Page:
MSI delivers Creator 17 notebook PC with mini LED display

April 8, 2020
The Creator 17 is the first notebook PC to meet DisplayHDR 1000 standards, besting the performance of other LCD-based screens and OLED-based screens.

Taiwan-based MSI has announced commercial availability of the Creator 17 notebook/laptop PC that is the first such PC to utilize a mini-LED-based display. The PC has arguably the highest-quality display on the market with the mini LED backlights delivering better screen brightness and more granular dimming zones, besting even OLED screens. The Creator 17 is the first notebook to meet DisplayHDR 1000 standards.

We visited the CES (formerly known as the Consumer Electronics Show) event in January to gauge the maturity of mini and micro LED technologies that will first materialize in display applications and published a feature article on the technology. We saw products from smart watches to video walls using mini or micro LED technology, but little was commercially available beyond very-high-end desktop computer monitors. The Creator 17 may mark the first evidence of mini LEDs establishing a mainstream commercial presence.

The new MSI system features 4k resolution in the 17-in screen. DisplayHDR 1000 is one in a series of VESA performance standards related to what is being called high dynamic range (HDR) video. The 1000 level refers to a combination of color gamut and luminance or brightness specifications. The new PC’s display outputs 1000 nits — a nit is a measure of luminance delivered within a given screen area characterized by cd/m2. The display features 240 local dimming zones, which essentially improves contrast ratio and dynamic range.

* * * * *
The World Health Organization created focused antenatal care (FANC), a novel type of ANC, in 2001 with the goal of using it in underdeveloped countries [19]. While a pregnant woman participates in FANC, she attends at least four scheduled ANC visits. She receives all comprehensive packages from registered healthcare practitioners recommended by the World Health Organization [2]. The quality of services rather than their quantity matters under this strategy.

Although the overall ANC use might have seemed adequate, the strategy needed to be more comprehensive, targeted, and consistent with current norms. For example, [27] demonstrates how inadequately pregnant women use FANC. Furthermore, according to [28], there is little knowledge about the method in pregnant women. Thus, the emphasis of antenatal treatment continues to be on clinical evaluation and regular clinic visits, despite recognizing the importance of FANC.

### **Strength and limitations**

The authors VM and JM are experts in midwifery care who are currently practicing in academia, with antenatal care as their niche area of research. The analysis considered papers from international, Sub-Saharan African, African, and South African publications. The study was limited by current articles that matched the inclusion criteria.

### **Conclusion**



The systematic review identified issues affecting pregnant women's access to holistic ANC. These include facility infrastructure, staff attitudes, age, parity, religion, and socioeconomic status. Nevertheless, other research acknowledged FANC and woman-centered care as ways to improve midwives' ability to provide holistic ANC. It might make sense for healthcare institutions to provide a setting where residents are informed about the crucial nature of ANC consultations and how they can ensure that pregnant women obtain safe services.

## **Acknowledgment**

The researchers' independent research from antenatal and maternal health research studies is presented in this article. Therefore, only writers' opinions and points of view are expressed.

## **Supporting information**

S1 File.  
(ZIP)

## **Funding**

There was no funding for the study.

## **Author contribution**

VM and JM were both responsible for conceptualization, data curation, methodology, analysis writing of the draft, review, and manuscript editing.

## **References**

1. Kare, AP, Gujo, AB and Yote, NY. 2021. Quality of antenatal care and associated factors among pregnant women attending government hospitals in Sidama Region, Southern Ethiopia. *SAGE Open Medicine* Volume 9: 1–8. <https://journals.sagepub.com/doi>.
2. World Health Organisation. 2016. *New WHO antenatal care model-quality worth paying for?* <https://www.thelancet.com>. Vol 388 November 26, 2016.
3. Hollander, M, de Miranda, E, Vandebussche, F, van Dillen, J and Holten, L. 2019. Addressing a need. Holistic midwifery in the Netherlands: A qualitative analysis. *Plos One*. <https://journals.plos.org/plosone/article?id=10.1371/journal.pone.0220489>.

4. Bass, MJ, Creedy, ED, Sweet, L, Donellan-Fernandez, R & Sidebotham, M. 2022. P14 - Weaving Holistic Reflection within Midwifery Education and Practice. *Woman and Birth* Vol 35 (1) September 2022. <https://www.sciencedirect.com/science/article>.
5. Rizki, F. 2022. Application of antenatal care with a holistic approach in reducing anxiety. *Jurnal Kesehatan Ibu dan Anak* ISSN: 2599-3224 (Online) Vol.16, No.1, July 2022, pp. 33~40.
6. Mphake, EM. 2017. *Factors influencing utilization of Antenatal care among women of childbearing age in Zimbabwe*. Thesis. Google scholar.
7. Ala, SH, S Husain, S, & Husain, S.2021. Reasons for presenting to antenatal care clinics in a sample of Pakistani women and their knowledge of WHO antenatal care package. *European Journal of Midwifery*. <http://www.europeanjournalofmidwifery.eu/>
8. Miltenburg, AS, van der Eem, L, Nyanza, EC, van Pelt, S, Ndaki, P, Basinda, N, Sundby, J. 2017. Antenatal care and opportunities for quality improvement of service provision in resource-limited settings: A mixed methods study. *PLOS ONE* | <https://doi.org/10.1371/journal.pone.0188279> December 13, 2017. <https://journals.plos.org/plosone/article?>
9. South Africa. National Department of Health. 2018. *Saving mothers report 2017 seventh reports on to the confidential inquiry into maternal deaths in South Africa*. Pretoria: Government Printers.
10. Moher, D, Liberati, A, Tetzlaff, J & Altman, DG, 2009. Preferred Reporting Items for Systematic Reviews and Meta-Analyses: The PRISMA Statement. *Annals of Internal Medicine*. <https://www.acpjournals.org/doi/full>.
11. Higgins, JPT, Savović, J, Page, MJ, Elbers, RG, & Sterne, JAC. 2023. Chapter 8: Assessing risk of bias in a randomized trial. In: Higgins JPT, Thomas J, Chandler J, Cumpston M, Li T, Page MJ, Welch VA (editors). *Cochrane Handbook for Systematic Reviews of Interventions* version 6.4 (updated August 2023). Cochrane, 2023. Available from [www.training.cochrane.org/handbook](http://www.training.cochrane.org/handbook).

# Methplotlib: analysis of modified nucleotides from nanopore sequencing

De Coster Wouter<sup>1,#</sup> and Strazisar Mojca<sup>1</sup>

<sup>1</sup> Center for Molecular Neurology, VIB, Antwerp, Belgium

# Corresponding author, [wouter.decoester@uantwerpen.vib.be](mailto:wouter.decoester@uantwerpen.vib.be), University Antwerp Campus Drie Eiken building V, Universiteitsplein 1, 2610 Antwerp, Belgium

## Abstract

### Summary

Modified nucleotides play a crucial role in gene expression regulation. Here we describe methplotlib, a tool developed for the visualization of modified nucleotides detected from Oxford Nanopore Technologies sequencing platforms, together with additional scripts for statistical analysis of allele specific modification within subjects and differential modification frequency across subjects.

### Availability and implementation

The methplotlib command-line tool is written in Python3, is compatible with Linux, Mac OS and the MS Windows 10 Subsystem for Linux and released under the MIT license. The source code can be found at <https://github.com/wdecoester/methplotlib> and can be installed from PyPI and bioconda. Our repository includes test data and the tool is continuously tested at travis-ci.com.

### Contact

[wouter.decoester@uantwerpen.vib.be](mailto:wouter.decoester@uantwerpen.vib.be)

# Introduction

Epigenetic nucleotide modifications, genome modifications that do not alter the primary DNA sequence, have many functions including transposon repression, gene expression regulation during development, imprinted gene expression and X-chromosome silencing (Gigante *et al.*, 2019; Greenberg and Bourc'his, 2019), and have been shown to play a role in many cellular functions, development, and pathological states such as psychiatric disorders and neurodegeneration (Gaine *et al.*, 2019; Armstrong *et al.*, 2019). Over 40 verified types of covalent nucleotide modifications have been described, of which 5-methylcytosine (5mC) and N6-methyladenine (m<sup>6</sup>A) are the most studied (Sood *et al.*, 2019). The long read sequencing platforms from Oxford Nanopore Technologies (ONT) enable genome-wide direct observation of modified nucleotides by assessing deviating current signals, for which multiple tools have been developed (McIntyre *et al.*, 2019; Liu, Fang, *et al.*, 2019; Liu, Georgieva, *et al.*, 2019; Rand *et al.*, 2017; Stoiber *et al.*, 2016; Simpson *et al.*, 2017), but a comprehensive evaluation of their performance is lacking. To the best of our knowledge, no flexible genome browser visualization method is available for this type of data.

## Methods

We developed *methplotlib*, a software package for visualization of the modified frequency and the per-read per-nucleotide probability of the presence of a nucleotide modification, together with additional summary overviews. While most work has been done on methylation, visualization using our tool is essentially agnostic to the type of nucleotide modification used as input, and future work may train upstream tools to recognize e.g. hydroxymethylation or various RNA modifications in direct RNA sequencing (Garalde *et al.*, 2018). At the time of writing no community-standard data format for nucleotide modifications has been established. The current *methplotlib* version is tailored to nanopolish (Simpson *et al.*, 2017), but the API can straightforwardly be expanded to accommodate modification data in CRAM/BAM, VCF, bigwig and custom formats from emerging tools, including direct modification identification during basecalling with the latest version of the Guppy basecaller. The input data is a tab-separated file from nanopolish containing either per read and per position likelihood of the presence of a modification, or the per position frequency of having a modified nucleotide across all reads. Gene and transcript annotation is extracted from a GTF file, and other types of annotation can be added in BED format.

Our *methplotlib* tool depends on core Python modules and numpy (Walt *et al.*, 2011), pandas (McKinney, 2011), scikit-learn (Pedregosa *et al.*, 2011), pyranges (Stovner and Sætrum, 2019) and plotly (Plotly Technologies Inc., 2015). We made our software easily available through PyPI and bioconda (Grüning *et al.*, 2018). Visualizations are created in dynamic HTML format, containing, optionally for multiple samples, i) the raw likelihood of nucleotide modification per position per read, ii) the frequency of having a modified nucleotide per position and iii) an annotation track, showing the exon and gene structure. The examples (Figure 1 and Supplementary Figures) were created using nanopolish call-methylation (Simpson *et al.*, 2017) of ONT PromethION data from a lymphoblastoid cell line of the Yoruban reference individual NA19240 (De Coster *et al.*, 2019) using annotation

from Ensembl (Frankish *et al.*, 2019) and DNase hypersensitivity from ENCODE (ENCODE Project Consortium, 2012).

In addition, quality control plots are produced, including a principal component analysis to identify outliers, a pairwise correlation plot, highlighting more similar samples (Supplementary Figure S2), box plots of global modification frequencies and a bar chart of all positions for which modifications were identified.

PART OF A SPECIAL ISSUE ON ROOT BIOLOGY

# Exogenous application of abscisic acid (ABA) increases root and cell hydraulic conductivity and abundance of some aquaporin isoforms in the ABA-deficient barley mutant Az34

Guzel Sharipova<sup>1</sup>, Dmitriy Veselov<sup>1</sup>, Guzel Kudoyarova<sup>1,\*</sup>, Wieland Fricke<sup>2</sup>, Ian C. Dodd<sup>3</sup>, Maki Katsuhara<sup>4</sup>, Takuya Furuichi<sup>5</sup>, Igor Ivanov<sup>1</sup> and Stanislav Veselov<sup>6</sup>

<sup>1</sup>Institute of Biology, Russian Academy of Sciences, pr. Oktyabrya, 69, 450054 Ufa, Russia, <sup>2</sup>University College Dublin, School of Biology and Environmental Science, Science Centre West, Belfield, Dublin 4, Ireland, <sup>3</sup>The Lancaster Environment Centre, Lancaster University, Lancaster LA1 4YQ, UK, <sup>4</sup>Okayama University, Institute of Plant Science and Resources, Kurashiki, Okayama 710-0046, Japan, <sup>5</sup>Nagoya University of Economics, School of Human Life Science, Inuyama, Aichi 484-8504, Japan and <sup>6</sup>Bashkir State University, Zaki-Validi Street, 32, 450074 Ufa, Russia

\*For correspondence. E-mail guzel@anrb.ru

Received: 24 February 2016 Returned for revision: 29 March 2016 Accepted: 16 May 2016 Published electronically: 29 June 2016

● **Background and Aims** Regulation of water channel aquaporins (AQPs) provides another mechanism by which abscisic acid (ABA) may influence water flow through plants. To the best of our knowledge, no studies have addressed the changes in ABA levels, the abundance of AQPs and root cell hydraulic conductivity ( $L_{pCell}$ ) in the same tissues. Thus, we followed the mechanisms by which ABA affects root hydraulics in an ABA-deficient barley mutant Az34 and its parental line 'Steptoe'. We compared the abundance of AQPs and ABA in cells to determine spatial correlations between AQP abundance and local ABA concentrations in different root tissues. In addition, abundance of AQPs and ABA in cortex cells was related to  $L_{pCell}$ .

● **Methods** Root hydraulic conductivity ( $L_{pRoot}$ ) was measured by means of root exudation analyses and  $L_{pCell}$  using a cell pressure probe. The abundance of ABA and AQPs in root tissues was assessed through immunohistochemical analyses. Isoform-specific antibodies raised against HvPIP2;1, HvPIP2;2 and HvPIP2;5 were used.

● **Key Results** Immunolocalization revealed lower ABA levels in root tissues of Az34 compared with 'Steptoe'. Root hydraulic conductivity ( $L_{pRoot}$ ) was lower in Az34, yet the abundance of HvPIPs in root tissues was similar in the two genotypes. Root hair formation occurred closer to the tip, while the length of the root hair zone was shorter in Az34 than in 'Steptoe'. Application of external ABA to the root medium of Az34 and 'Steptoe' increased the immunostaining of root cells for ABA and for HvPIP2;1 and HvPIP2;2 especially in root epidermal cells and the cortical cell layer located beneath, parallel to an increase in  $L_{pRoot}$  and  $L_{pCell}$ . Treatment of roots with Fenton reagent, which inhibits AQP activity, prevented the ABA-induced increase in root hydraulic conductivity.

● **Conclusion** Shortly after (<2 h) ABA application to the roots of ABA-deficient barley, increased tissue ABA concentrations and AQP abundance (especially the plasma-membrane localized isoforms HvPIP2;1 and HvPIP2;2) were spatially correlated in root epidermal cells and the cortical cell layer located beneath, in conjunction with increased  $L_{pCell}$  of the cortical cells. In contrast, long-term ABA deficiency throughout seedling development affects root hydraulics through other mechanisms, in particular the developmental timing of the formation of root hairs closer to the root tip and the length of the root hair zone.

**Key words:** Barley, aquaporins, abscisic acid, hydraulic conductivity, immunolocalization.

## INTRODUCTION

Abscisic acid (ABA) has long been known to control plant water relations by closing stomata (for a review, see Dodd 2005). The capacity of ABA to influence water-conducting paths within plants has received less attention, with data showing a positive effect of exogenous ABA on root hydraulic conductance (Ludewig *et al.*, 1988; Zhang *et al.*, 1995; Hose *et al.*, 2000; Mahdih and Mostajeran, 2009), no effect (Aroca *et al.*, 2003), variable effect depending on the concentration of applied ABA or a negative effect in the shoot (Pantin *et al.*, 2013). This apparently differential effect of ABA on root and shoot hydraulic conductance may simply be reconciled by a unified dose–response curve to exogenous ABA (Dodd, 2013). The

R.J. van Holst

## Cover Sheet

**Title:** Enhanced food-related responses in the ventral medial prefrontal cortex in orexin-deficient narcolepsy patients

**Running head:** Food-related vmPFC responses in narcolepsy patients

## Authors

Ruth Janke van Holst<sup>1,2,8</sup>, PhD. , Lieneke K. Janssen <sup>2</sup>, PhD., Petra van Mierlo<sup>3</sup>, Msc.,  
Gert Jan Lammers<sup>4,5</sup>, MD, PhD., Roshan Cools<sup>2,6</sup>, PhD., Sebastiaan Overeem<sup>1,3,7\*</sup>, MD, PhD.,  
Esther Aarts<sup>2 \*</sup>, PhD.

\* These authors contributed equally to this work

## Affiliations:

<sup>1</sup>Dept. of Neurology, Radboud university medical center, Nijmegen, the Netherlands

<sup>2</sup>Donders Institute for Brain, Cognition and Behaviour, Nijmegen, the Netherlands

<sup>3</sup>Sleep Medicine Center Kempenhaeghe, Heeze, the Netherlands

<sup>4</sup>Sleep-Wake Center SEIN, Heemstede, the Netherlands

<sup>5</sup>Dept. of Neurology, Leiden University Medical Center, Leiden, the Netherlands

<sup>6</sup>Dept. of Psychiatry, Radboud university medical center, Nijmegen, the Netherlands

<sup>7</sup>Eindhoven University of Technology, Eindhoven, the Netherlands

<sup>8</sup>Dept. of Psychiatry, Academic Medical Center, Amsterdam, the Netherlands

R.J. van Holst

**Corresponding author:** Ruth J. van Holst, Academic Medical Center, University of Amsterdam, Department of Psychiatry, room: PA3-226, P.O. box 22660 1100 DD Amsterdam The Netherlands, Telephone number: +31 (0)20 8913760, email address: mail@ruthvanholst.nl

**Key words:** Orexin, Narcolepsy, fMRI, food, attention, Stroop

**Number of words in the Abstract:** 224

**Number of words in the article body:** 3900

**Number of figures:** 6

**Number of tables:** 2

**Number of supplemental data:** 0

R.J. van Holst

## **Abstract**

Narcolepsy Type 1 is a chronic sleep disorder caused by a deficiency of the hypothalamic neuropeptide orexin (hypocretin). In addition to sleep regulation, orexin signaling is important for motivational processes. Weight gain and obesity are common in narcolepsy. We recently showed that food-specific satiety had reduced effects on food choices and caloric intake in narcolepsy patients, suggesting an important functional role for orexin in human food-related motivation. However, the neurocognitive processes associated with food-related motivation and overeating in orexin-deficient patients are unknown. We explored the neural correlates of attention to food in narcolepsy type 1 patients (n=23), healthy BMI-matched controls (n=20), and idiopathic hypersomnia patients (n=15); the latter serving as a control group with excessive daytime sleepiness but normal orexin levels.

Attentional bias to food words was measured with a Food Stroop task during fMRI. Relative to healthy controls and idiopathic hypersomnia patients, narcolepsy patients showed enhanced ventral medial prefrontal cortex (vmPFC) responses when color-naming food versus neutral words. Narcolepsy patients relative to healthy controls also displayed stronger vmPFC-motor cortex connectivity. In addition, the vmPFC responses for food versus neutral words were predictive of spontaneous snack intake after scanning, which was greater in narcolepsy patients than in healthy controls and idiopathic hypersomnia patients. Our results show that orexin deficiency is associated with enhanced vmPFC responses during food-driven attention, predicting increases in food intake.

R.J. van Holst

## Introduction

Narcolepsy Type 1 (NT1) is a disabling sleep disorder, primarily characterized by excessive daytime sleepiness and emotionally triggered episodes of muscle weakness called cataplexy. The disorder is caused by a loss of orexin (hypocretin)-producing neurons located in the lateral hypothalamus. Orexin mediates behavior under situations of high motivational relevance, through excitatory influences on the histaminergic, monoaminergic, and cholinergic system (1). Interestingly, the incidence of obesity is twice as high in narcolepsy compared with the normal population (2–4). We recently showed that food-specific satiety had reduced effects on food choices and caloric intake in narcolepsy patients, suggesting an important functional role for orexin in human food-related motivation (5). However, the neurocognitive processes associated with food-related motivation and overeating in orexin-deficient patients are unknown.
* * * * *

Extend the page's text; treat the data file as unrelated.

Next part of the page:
MSI is targeting the Creator 17 at professionals and artists working in content creation. The notebook is priced just under $2000. For now, gamers will primarily be served with models that stress graphic acceleration over absolute screen quality. MSI also said that at this time coronavirus is having no impact on its Taiwan manufacturing operation.

As we wrote in our CES feature, and in an article last year on directly emissive LED displays, mini and micro LEDs will serve in the short and near term in display applications. Mini LEDs will primarily be used to improve the quality in backlit LCD screens. MSI said the approach delivers lower power usage in addition to higher-quality images. Micro LEDs will allow the industry to transition to self-emissive display technologies in PCs, TVs, and more.

Mini and micro LEDs share the roadblock of needed techniques for transferring massive numbers of nano-scale LEDs from wafers to an application substrate of some type. The micro LED simply escalates the magnitude of that problem.

Apple has been among the most committed of investors into the technologies. Indeed, many industry watchers had expected mini-LED-based products from Apple by now. And such products could still emerge this year. The company has been rumored to be working on both iPad and MacBook models using mini LED backlights and industry watchers were largely disappointed when the latest Apple Watch emerged based on legacy technology.

The question of course for the broader LED and solid-state lighting (SSL) sectors is how mini and micro technology fit into the equation. The display applications are going to consume an incredible amount of LED epitaxial real estate. But it’s unclear how existing LED manufacturers fit into that picture with new companies, especially in Taiwan, looking for a spot in the supply chain. Longer term, however, micro LEDs have the potential of changing the game completely in how general illumination is delivered. Bob Karlicek of the Center for Lighting Enabled Systems & Applications (LESA) lab at Rensselaer Polytechnic Institute made just that point in his Strategies in Light Keynote address this past February.